The Four Types of Evidence
Show Me The Evidence!
In written, formal arguments, the best way to build credibility with readers is to provide them with evidence. No matter what your argument might be and which side you agree with, citing strong evidence to back up your claim leaves the opposition with little to argue.
Emotional appeal is often used in oral arguments. Written arguments, however, rely on four main types of evidence. As you read further, you will see that some types are more credible than others and "hold more water" so to speak.
The strongest type of evidence in formal writing is statistical evidence. This ranges from true, hard data presented as a percentage or number, to survey-type data. For example, statistical evidence could be:
- 4 out of 5 experts claim that...
- 85% of women in the United States...
- 7 members were present during...
Statistical evidence can be proven as fact. You can actually go out and find hard information to prove your particular claim.
The use of celebrities as credibility evidence can be considered testimonial in nature. Many people look up to celebrities as role models in their lives. Good or bad, when a person chooses a life-path that takes them into public light, there will be many others out there who want to emulate the celebrity. These celebrity endorsements provide the second-strongest type of evidence found in formal arguments.
Testimonial evidence can also be collected from experts and authorities in a given field. Doctors, dentists, lawyers often provide expert testimonials. Their authority is not often questions. They are expected to "know their stuff."
When storytelling is involved as evidence, anecdotal evidence is being used. Due to its less objective nature, anecdotal evidence is not extremely strong. When coupled with statistical or testimonial evidence, anecdotal evidence can be highly effective in determining credibility or proof.
Storytelling, although based on fact, can include quite a bit of opinion, thus making it less objective. Usually, eyewitnesses are used as providers of anecdotal evidence. They saw or experienced the phenomenon at hand are telling their version or side of the story.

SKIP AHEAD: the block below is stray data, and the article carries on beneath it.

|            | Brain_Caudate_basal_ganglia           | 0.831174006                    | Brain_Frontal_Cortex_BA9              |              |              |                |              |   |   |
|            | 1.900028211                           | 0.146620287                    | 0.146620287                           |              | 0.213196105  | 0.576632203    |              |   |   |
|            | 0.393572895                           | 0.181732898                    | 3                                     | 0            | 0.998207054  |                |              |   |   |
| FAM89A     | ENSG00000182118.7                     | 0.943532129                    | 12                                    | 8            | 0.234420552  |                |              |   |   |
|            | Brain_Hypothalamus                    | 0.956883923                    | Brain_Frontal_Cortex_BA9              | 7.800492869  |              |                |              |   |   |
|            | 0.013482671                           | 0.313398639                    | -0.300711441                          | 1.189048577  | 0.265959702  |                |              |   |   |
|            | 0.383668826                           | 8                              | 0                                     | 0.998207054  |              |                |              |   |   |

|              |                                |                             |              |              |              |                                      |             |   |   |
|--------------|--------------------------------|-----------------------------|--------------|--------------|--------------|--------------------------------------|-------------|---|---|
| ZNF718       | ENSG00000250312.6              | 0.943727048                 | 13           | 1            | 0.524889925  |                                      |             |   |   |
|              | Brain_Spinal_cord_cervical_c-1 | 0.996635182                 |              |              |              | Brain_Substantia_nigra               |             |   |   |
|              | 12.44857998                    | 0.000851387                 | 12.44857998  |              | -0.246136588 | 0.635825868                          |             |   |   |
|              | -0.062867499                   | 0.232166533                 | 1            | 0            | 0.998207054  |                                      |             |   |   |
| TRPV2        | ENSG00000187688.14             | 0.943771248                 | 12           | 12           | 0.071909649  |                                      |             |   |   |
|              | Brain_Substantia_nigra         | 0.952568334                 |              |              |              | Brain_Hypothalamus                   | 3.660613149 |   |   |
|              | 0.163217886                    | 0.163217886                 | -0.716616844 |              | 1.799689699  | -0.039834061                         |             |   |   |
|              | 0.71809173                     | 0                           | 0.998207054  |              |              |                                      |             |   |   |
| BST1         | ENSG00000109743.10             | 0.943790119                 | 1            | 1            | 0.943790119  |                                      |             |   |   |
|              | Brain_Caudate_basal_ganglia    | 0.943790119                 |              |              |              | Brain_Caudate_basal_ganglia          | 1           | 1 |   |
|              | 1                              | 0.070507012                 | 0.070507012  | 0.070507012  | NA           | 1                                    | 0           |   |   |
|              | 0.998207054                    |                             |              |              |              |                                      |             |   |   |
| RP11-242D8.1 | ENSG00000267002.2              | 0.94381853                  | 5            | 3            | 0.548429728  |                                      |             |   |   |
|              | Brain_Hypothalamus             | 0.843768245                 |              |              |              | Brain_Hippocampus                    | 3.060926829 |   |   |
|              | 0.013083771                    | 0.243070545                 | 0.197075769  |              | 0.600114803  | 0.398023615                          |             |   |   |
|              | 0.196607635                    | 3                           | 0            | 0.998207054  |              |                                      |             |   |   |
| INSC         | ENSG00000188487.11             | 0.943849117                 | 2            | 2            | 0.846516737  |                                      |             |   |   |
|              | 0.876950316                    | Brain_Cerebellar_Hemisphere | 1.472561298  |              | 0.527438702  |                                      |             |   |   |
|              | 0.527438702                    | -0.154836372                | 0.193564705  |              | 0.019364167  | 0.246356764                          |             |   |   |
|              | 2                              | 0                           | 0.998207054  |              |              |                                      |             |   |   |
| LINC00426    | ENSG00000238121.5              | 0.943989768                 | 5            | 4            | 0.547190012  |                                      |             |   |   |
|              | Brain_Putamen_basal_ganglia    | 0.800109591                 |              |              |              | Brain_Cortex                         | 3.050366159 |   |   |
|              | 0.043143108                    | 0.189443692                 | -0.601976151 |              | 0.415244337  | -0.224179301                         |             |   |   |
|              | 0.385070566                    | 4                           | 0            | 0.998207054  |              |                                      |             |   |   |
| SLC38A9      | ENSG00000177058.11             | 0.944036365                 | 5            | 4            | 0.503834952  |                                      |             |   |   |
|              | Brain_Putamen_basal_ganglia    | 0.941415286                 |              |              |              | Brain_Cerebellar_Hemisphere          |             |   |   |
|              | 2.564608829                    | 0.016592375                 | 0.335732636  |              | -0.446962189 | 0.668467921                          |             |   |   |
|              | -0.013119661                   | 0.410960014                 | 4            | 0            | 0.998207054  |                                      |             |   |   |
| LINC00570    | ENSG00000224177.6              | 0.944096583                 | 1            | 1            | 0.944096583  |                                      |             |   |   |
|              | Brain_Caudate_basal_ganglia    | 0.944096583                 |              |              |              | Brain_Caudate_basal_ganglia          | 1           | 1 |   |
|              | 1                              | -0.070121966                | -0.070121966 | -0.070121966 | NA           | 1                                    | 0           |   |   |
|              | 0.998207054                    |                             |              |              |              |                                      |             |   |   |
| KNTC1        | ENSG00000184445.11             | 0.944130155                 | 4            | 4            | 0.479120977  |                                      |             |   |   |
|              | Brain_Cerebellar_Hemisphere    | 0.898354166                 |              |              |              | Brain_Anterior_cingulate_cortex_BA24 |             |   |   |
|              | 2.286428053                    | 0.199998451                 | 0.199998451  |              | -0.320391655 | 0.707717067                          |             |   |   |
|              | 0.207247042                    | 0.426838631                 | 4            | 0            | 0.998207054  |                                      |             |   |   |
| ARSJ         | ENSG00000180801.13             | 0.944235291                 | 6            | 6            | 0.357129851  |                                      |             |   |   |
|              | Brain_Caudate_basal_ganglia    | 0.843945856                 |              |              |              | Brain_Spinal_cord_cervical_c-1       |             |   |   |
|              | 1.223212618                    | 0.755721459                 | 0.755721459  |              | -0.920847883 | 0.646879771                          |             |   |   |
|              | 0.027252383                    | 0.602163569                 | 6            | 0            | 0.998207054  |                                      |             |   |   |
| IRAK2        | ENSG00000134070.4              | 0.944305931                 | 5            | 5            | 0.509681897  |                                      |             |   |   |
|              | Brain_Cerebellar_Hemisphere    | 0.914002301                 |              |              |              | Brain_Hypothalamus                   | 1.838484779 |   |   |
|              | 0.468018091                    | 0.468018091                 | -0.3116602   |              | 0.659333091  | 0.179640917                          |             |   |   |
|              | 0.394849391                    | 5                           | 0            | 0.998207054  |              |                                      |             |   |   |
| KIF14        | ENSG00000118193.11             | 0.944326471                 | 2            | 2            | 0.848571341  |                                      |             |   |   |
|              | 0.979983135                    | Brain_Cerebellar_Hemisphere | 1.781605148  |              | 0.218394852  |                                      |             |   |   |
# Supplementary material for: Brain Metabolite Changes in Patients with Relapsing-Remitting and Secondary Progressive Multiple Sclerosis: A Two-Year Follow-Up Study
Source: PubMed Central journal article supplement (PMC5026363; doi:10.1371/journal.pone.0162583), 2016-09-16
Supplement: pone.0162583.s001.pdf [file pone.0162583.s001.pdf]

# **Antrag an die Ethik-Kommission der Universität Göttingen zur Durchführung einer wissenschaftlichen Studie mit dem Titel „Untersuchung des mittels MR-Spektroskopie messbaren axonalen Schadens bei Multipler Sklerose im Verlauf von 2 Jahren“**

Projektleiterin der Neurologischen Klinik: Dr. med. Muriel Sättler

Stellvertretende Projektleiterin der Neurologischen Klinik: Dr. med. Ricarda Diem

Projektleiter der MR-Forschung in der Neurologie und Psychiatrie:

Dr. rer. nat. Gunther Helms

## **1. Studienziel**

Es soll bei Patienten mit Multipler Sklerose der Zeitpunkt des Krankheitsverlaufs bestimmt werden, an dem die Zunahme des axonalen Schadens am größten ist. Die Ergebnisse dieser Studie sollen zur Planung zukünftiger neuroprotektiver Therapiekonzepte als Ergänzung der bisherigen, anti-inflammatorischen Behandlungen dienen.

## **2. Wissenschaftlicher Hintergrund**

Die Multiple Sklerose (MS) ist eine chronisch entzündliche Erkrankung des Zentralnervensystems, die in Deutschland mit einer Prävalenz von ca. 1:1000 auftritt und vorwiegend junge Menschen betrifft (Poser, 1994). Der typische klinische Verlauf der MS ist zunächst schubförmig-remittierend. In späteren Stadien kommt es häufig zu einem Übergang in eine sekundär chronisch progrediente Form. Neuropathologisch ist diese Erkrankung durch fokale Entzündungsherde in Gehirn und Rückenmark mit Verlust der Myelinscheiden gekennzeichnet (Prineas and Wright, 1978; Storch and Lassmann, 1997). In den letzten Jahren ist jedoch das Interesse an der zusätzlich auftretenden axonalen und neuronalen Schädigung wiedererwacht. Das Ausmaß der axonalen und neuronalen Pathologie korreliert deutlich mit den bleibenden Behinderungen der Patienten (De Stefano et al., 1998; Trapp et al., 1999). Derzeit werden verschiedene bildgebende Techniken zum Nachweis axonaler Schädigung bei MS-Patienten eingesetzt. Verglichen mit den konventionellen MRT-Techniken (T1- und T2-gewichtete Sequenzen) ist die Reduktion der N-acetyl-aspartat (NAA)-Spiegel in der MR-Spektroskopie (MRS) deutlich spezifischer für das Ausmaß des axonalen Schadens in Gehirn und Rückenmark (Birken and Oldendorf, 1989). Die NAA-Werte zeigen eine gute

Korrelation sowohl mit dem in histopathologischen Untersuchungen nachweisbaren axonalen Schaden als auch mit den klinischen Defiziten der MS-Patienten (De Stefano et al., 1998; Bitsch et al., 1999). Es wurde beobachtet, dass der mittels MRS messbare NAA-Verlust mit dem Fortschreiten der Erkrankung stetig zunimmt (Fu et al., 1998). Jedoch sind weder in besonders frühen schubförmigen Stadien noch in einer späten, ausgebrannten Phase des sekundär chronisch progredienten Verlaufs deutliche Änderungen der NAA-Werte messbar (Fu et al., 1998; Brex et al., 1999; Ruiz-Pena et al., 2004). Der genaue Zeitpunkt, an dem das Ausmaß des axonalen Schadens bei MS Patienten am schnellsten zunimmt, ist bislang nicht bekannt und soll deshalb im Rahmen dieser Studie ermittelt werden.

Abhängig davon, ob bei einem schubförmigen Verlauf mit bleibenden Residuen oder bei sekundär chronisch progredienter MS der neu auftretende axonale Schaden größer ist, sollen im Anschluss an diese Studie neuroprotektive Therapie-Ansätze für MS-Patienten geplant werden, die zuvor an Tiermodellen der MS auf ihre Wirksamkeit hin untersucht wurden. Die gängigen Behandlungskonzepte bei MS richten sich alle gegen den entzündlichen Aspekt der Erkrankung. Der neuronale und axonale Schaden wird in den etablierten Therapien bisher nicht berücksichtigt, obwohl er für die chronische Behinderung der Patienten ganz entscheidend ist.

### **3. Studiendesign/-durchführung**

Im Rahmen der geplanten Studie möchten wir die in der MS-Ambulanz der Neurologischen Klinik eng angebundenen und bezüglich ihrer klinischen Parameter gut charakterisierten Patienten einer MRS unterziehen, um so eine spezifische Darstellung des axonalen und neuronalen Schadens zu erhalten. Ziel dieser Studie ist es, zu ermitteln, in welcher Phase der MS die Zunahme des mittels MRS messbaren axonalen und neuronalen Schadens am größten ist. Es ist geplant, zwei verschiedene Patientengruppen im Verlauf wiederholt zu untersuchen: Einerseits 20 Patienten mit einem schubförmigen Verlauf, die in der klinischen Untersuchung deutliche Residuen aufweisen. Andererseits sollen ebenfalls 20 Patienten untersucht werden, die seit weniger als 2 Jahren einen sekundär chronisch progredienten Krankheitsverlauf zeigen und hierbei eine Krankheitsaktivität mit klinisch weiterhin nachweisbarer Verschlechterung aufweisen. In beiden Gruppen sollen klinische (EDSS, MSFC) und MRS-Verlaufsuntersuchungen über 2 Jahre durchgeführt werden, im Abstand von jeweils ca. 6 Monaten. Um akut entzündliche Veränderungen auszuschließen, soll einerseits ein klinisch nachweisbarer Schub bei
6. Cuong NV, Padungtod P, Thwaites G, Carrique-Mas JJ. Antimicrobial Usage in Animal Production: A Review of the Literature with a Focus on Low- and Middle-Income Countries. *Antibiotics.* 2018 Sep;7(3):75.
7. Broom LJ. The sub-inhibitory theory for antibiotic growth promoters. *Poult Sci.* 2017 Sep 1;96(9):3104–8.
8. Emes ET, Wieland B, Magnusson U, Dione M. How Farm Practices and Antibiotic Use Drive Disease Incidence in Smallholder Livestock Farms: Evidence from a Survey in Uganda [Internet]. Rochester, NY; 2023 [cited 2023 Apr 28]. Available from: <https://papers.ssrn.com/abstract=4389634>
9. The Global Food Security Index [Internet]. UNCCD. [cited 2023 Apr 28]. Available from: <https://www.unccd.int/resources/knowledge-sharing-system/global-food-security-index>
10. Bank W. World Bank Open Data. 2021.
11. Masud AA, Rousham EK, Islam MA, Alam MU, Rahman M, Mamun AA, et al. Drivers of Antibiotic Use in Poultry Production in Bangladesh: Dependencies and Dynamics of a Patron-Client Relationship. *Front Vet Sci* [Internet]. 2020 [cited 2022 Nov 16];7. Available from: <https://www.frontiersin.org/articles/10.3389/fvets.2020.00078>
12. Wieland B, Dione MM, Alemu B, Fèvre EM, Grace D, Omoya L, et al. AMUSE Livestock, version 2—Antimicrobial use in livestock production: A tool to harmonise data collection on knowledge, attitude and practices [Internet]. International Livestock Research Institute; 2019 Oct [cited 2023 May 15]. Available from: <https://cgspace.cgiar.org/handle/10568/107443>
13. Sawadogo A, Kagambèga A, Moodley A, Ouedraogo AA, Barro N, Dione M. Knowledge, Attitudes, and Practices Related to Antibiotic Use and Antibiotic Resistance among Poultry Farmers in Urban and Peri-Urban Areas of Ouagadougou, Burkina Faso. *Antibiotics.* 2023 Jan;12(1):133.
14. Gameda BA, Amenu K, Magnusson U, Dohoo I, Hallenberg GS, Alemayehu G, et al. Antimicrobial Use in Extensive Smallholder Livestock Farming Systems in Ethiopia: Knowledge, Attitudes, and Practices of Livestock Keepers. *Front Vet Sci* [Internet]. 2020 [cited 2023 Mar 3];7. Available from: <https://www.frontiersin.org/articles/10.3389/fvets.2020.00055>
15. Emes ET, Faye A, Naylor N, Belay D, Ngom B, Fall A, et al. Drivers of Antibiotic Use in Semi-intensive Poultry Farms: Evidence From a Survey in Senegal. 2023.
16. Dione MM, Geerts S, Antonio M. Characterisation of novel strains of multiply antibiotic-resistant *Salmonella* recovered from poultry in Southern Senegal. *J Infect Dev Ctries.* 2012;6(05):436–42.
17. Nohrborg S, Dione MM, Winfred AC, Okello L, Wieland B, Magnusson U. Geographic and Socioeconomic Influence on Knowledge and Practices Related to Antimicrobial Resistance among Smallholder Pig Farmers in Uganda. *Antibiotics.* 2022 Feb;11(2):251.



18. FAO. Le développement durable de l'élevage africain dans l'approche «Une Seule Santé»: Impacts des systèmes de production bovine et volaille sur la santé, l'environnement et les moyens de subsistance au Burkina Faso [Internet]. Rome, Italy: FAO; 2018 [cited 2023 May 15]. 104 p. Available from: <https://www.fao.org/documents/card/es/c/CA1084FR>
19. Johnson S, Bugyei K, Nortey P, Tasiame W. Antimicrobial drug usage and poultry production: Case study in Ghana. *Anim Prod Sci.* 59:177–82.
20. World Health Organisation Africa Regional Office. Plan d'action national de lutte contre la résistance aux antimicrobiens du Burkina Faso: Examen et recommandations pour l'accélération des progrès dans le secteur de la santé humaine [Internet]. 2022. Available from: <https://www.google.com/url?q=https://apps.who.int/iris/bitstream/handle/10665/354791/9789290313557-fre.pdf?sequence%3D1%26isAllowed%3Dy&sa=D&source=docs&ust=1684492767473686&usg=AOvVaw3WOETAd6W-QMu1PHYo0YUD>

When information is scarce about something and little is known, analogical evidence is often used in a formal argument to increase credibility of the proof. If the phenomenon in question is new and little is known about it, analogical evidence that pulls in known factors about a similar phenomenon to show parallels can be an effective way to provide proof.
Due to limited knowledge about the phenomenon, in this situation, analogical evidence can be regarded as the weakest type of evidence used in formal arguments. One can only imagine and hope that the comparison-phenomenon is close enough that the results can be applied to the new phenomenon.
In the End...
All that really matters in a formal argument is whether or not the writer has credible evidence to back up what they want to say or what they are thinking. So often, we hear people say, "Prove it!" to one another.
One last little tidbit...great formal arguments not only provide credible evidence to support claims, don't forget that acknowledgment of the opposing point of view in an argument also strengthens the entire product.
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